8. ^ Amnesty International, The International Criminal Court: Summary of draft and enacted implementing legislation. Accessed 2007-01-23.
  9. ^ The 1969 Vienna Convention on the Law of Treaties, Article 18. Accessed 2007-01-23.
  10. ^ U.S. Announces Intent Not to Ratify International Criminal Court Treaty, American Society of International Law, 2002-05-01, accessed on 2007-01-23.
  11. ^ The ratification and implementation of the Statute of the International Criminal Court in Bahrain, FIDH, 2006-07-10.
  12. ^ Rights push for key court pact, Gulf Daily News, 2006-12-21.
  13. ^ ICC-AFRICA, Coalition for the International Criminal Court, September 2006
  14. ^ The American Non-Governmental Organizations Coalition for the International Criminal Court. Ratifications & Declarations. Accessed 2006-12-04.
  15. ^ Israel Ministry of Foreign Affairs, 30 June 2002. Israel and the International Criminal Court. Accessed 2002-06-30.
  16. ^ Lawyers urge Kuwait to become ICC member, Kuwait Times, 2007-03-26, accessed on 2007-04-05
  17. ^ a b JDV seeks dialogues on political killings before ratification of ICC, Balita, 2006-08-16
  18. ^ PNP backs Philippine ratification of int’l criminal court, Philippine Daily Inquirer, 2008-04-14
  19. ^ War on drugs returns to bite Thaksin, Bangkok Post, 2006-11-23
  20. ^ Statement by Ukraine regarding the Report of the International Criminal Court, UN, 2006-10-09.
  21. ^
  22. ^ Decision of Constitutional Court of Ukraine (Ukrainian)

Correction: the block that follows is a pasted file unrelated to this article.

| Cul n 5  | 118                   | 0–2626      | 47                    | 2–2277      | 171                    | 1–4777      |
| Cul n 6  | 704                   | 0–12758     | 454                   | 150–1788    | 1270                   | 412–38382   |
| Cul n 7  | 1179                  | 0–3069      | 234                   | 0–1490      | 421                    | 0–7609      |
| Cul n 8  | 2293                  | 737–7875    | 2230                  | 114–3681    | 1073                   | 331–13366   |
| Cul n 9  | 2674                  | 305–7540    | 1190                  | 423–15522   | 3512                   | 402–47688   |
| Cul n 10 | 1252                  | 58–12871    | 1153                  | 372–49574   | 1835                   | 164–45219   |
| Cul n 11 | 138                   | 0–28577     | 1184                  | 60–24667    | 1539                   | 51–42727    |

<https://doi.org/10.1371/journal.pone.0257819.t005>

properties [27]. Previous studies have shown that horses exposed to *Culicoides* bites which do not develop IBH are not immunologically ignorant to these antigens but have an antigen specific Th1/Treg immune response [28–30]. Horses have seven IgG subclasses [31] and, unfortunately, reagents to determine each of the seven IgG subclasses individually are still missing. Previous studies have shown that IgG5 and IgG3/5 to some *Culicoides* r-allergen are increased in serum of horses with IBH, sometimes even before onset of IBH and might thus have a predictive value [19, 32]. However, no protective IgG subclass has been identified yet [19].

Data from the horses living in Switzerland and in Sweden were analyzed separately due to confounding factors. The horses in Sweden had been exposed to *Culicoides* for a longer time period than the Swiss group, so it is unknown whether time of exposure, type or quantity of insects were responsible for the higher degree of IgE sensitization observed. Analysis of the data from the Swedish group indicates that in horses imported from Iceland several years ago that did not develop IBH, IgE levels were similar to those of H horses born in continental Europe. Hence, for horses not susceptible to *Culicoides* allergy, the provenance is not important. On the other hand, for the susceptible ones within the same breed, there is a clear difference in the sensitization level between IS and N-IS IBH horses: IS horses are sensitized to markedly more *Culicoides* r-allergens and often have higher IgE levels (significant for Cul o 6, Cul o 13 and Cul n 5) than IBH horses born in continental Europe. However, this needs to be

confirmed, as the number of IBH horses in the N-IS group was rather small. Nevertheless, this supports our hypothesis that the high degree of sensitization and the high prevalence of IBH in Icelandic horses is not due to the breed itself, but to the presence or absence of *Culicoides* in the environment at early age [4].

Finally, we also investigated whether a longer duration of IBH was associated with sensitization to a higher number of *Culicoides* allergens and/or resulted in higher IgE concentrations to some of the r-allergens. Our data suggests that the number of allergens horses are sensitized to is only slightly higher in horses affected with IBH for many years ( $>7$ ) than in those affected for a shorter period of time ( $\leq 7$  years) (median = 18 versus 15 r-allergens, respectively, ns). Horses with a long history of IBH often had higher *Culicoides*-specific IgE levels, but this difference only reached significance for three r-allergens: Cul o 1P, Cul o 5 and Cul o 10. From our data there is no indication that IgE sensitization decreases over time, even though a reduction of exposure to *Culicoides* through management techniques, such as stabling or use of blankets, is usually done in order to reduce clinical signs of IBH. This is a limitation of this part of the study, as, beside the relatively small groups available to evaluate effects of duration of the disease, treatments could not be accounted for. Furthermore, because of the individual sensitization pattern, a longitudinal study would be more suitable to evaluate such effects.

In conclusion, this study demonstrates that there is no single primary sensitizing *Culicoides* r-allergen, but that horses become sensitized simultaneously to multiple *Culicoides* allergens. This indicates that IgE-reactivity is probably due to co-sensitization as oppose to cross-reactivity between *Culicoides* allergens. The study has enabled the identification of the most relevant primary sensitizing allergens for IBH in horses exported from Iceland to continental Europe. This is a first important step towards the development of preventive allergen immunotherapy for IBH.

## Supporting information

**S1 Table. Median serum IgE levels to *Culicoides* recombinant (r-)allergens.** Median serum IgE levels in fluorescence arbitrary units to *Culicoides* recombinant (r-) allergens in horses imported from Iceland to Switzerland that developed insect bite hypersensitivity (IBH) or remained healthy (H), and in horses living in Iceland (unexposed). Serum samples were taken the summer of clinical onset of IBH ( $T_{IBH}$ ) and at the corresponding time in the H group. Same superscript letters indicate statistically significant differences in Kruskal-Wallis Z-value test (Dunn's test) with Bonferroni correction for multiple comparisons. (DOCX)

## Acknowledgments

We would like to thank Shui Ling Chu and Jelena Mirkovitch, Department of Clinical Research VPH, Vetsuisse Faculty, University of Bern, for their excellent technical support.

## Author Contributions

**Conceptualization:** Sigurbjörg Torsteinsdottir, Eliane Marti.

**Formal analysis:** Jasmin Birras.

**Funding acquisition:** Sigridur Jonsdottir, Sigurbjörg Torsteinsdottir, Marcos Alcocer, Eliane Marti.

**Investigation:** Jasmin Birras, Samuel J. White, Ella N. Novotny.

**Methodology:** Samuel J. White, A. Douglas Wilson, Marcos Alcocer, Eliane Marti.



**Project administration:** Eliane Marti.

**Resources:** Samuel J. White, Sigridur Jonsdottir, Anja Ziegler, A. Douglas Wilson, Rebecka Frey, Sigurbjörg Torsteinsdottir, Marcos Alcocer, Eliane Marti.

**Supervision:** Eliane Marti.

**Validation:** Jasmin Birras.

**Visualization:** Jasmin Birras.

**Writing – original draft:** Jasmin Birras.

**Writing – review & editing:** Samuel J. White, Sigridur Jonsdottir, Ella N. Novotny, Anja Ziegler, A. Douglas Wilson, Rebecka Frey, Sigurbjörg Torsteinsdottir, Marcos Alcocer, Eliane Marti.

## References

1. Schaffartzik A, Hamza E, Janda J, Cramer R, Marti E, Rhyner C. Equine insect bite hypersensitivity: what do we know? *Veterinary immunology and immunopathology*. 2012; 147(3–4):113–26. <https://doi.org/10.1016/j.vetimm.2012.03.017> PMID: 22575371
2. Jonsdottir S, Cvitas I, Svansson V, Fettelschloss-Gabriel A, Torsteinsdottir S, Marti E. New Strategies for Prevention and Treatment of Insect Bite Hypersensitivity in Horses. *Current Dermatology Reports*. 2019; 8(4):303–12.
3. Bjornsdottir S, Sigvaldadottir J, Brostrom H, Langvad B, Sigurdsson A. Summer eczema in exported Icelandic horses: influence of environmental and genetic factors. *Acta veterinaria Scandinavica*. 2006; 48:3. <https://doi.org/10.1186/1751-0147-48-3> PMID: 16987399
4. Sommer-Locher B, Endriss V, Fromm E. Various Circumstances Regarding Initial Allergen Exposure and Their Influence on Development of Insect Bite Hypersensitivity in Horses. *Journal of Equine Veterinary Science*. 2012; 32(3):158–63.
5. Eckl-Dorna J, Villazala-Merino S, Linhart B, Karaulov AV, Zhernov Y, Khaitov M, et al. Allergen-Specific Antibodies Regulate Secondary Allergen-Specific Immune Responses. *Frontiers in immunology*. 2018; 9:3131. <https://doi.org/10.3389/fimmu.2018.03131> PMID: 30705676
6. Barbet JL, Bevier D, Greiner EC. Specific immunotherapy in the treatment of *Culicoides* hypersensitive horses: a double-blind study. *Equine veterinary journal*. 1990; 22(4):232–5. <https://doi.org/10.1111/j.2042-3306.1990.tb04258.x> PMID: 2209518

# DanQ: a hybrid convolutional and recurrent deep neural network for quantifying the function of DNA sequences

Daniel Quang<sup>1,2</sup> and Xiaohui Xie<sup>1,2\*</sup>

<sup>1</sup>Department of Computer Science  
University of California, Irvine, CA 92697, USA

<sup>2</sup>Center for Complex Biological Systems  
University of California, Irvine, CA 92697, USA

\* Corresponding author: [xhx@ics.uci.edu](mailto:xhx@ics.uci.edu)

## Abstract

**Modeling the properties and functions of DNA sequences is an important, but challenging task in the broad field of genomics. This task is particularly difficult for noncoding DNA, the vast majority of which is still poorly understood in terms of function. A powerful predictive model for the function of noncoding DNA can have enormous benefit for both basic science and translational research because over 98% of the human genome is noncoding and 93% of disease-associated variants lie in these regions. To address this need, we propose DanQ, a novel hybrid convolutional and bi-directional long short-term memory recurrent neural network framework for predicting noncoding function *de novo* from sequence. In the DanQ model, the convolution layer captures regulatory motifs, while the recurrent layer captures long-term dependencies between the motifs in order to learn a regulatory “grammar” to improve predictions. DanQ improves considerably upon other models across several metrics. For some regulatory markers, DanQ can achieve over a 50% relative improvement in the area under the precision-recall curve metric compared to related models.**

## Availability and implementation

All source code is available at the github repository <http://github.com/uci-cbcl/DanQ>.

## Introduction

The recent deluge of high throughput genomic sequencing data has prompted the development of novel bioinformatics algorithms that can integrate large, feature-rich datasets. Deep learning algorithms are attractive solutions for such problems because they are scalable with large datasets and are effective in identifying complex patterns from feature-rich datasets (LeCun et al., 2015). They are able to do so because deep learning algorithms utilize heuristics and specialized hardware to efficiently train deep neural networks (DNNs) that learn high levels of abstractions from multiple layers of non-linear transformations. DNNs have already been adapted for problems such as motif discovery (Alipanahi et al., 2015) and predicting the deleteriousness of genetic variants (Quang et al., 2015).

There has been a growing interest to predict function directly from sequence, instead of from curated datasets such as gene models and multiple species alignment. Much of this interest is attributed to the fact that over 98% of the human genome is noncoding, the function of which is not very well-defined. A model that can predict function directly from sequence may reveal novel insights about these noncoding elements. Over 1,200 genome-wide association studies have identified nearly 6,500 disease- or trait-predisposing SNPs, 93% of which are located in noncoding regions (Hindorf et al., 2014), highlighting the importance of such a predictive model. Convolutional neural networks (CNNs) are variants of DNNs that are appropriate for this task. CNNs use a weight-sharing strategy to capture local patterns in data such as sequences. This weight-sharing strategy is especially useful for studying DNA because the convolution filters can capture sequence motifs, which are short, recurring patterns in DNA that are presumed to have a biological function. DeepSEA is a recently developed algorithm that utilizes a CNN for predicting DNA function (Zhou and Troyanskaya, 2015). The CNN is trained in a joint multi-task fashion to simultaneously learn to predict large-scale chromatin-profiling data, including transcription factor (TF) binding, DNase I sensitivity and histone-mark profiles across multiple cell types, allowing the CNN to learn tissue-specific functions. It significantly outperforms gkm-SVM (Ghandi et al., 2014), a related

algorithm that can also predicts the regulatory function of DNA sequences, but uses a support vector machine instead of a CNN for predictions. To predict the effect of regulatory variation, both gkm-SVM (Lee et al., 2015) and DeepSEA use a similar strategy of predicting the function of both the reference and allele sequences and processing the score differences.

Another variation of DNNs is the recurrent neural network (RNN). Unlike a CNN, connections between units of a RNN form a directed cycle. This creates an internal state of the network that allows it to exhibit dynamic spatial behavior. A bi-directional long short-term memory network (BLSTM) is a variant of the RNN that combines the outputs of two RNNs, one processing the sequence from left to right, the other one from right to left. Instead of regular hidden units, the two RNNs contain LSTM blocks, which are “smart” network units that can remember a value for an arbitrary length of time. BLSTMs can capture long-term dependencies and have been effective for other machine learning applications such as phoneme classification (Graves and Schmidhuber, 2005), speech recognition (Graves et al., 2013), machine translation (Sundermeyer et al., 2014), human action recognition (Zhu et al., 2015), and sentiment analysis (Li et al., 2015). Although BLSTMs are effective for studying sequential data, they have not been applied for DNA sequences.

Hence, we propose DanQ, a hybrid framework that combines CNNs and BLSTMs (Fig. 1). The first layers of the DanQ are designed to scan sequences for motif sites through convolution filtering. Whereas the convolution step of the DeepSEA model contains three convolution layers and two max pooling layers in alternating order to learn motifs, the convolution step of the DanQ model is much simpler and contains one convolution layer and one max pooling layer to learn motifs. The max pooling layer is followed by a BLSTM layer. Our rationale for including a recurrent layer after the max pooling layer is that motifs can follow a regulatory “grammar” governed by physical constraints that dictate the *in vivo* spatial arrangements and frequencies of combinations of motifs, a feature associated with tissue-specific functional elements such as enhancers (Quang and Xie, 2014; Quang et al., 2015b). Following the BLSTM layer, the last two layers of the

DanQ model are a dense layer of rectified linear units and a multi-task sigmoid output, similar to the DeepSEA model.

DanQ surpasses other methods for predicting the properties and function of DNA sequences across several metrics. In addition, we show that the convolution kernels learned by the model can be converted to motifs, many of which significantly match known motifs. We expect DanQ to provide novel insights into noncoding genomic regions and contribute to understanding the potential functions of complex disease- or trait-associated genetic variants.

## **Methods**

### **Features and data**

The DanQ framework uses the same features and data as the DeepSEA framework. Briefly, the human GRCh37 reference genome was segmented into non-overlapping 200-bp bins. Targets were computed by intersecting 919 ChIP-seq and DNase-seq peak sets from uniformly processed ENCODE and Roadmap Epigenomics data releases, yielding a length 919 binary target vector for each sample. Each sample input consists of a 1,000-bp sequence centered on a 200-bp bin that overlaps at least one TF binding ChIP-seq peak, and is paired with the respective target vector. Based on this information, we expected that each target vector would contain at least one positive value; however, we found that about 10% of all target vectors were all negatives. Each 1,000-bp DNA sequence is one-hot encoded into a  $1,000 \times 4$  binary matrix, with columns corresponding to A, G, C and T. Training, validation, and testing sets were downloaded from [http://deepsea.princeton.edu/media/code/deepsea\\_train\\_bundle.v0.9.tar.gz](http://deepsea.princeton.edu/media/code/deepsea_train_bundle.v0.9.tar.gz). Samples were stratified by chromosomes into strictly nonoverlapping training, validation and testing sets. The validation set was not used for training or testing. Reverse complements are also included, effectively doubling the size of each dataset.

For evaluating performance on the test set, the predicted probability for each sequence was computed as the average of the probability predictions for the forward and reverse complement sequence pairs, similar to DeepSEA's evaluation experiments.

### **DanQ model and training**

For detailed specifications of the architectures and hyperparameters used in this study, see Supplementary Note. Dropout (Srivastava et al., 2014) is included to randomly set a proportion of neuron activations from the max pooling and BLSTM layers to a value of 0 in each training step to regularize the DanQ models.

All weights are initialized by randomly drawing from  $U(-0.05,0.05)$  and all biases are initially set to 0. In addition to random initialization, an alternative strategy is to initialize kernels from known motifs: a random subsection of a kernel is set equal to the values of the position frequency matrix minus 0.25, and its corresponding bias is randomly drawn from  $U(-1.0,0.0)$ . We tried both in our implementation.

23. ^ "Clinton's statement on war crimes court". BBC News. 2000-12-31. 
  24. ^
  25. ^ U.S. News & World Report: "The Brief for a World Court, A permanent war-crimes tribunal is coming, but will it have teeth?" By Thomas Omestad; Posted 9/28/97
  26. ^ Amnesty International. US Threats to the International Criminal Court. Accessed 2006-11-23.
  27. ^ Brett D. Schaefer, 9 January 2001. Overturning Clinton's Midnight Action on the International Criminal Court. The Heritage Foundation. Accessed 2006-11-23.
  28. ^ Curtis A Bradley, May 2002. U.S. Announces Intent Not to Ratify International Criminal Court Treaty. The American Society of International Law. Accessed 2006-11-23.
  29. ^ John R Bolton, 6 May 2002. International Criminal Court: Letter to UN Secretary General Kofi Annan. US Department of State. Accessed 2006-11-23.
  30. ^ a b Coalition for the International Criminal Court, 2006. Status of US Bilateral Immunity Acts. Accessed 2006-11-23.
  31. ^ a b Human Rights Watch, The ICC and the Security Council: Resolution 1422. Accessed 2007-01-11.
  32. ^ BBC News, 20 March 2006. Q&A: International Criminal Court. Accessed 2007-01-11.
  33. ^, 26 March 2007. “Yemen becomes fourth Arab country to ratify ICC statute”. Accessed 27 March 2007.